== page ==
"The man who painted Henry VIII portrait has disappeared and an innocent man has been arrested."
Reviewed by Shellie Surles
Posted December 7, 2015
Historical | Fiction
Hans Holbein the famed artist has disappeared and an
man has been arrested for it. Thomas Treviot feels he must
help his friend and find Holbein. Holbein has a design he
was supposed to
deliver, and Trevoit has a deadline. As Trevoit's search
begins he is
drawn deeper and deeper into the political and religious
turmoil of the times. His search for the truth could cost
much more than a missed deadline.
THE TRAITOR'S MARK is historical fiction based on the true
disappearance of Hans Holbein. It's a trip back to the
days when a comment to the wrong person could get a person
or worse, killed. A man or woman never wanted to fall out
of the King's
grace, and Treviot has tried his hardest to stay out of the
It is always fascinating to read history from the first
person point of view and
written by an author who can help you travel back to that
and make make you feel the history. D.K. Wilson does a good
job of taking you to the time of the Tudors, and you will
enjoy reading THE
Based on the true story of the unsolved disappearance
Hans Holbein—famed portrait-painter of Henry VIII—this
atmospheric historical novel plunges into an underworld
Tudor politics and intrigue.
The Real Crime: Hans Holbein, King Henry VIII's
painter, died in the autumn of 1543. A century later a
chronicler reported that the artist had succumbed to
yet there is no contemporary evidence to support this.
Suspicions have been raised over the centuries, but the
mystery of what actually happened remains unsolved to
Our Story: Young London goldsmith Thomas Treviot
a design for a very important jewelry commission from
Holbein. When the design fails to turn up, Thomas sends a
servant to track Holbein down, only to discover that the
painter has disappeared. In his hunt for Holbein and the
lost design, Thomas is led into a morass of dangerous
political intrigue, Spanish spies and courtiers that is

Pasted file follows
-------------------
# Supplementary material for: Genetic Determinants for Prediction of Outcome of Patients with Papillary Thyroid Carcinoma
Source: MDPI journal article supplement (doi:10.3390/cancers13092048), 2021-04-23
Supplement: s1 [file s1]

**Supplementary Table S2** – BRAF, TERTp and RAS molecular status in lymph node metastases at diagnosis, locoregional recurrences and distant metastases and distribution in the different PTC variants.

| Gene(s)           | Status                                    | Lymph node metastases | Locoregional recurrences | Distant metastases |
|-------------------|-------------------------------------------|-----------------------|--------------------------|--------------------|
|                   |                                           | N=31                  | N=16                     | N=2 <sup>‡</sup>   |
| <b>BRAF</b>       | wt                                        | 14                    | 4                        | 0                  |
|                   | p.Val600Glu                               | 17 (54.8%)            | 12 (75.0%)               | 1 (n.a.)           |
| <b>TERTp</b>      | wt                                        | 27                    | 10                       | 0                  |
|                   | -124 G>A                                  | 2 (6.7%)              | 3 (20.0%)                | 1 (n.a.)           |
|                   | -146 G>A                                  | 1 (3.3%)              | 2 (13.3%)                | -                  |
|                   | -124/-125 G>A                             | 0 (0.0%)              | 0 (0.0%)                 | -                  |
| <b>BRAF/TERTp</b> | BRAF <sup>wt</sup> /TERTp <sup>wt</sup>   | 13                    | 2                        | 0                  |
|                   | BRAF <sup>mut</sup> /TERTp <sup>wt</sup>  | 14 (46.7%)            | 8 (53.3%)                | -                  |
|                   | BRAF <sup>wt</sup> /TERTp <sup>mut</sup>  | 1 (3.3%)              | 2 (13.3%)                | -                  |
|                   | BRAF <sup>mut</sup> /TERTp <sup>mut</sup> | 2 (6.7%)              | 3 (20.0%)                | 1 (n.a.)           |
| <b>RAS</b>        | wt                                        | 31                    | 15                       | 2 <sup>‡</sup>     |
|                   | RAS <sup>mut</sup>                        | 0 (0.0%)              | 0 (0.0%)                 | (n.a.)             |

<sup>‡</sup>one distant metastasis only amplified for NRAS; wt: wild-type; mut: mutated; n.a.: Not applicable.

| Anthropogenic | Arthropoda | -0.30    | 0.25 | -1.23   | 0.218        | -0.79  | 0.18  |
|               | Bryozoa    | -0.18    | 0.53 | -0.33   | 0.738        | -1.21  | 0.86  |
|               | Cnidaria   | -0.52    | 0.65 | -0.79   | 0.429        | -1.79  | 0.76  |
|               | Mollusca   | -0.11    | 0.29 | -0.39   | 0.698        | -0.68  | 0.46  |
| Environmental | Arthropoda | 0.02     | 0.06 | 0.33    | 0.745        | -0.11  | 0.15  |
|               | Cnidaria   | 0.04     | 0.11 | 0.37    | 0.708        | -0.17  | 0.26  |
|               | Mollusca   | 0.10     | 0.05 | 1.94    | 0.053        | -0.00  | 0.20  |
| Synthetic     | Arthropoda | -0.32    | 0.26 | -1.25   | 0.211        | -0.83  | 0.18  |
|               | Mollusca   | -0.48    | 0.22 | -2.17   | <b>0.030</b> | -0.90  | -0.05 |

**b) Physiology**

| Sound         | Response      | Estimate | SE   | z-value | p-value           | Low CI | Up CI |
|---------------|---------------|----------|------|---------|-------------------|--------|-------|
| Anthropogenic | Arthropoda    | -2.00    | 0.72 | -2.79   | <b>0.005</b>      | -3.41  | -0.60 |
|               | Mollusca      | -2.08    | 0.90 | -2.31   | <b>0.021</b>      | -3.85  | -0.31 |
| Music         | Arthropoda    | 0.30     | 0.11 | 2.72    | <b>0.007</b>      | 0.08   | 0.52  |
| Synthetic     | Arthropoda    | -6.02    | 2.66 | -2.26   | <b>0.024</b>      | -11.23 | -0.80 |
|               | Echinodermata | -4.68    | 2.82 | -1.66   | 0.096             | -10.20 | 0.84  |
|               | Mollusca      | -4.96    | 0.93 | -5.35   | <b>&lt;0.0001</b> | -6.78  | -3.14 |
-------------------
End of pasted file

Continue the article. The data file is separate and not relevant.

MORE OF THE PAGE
treacherous than he could ever have anticipated . . .
ExcerptHe sent one of his colleagues in search of water and,
when a bucket arrived, he gently washed down the skin
around the hole in my body. ‘What we have to do,’ he
said, ‘is close this up as much as we can, then bind it
as tight as you can bear.’
‘You seem very expert.’
I’ve watched many field surgeons at work.’
‘Is it very bad? Am I likely to …’
‘Die? That you’ll have to ask a priest.’
Strong fingers pinched the edge of the wound. Fresh
padding was applied.
‘Hold that while I bind it,’ my ‘doctor’ ordered. He
wound long strips of cloth round my stomach so firmly
that I could take only shallow breaths.
‘I suppose Black Harry and his companions will get clean
away,’ I muttered disconsolately.
‘I don’t fancy their chances in the dark – not in all
this mud and marsh.’ He helped me into a clean shirt.
‘Pray God you’re right,’ I said. ‘If that murderous hell-
hound slips through our fingers after all we’ve been
through … Our men must be feeling very dejected.’
‘I’ve seen troops with better morale. No one likes losing
friends in battle but when you can’t see the point of the
battle … When you’re just obeying orders because they’re
‘I’m afraid I’ve led you all into a real mess and we’ve
nothing to show for it.’
‘No one blames you, Master Treviot. Most of us know you
were caught up in this against your will. Please God,
you’ll live to laugh at this fiasco. Right, that’s
patched you up. Keep as still as you can. Don’t waste
whatever strength you’ve got. You’ll need it when we get
ashore – if we get ashore.’ With those comforting words
The next few hours seemed like days. I had nothing to do
but try to keep my mind off the pain. I thought back over
the events of the last two months. Should I have done
anything different? Every single event had been like a
link in a chain pulling me inevitably towards the
situation in which I found myself now. Could I have
broken any of those links or was I the victim of
inexorable fate. Strange that a respected London merchant
should end his days on a foreign ship wallowing through
turgid waters of the east coast of England. I thought of
my prim brothers of the Worshipful Goldsmiths’ Company.
My unconventional passing would make a fine topic of
conversation in our hall on Foster Lane. I imagined the
solemn, nodding heads and the wiseacres who would claim
they had always known young Treviot would come to a bad
end. I laughed. That was a mistake. I yelped loudly as
arrows of pain pierced my torso.
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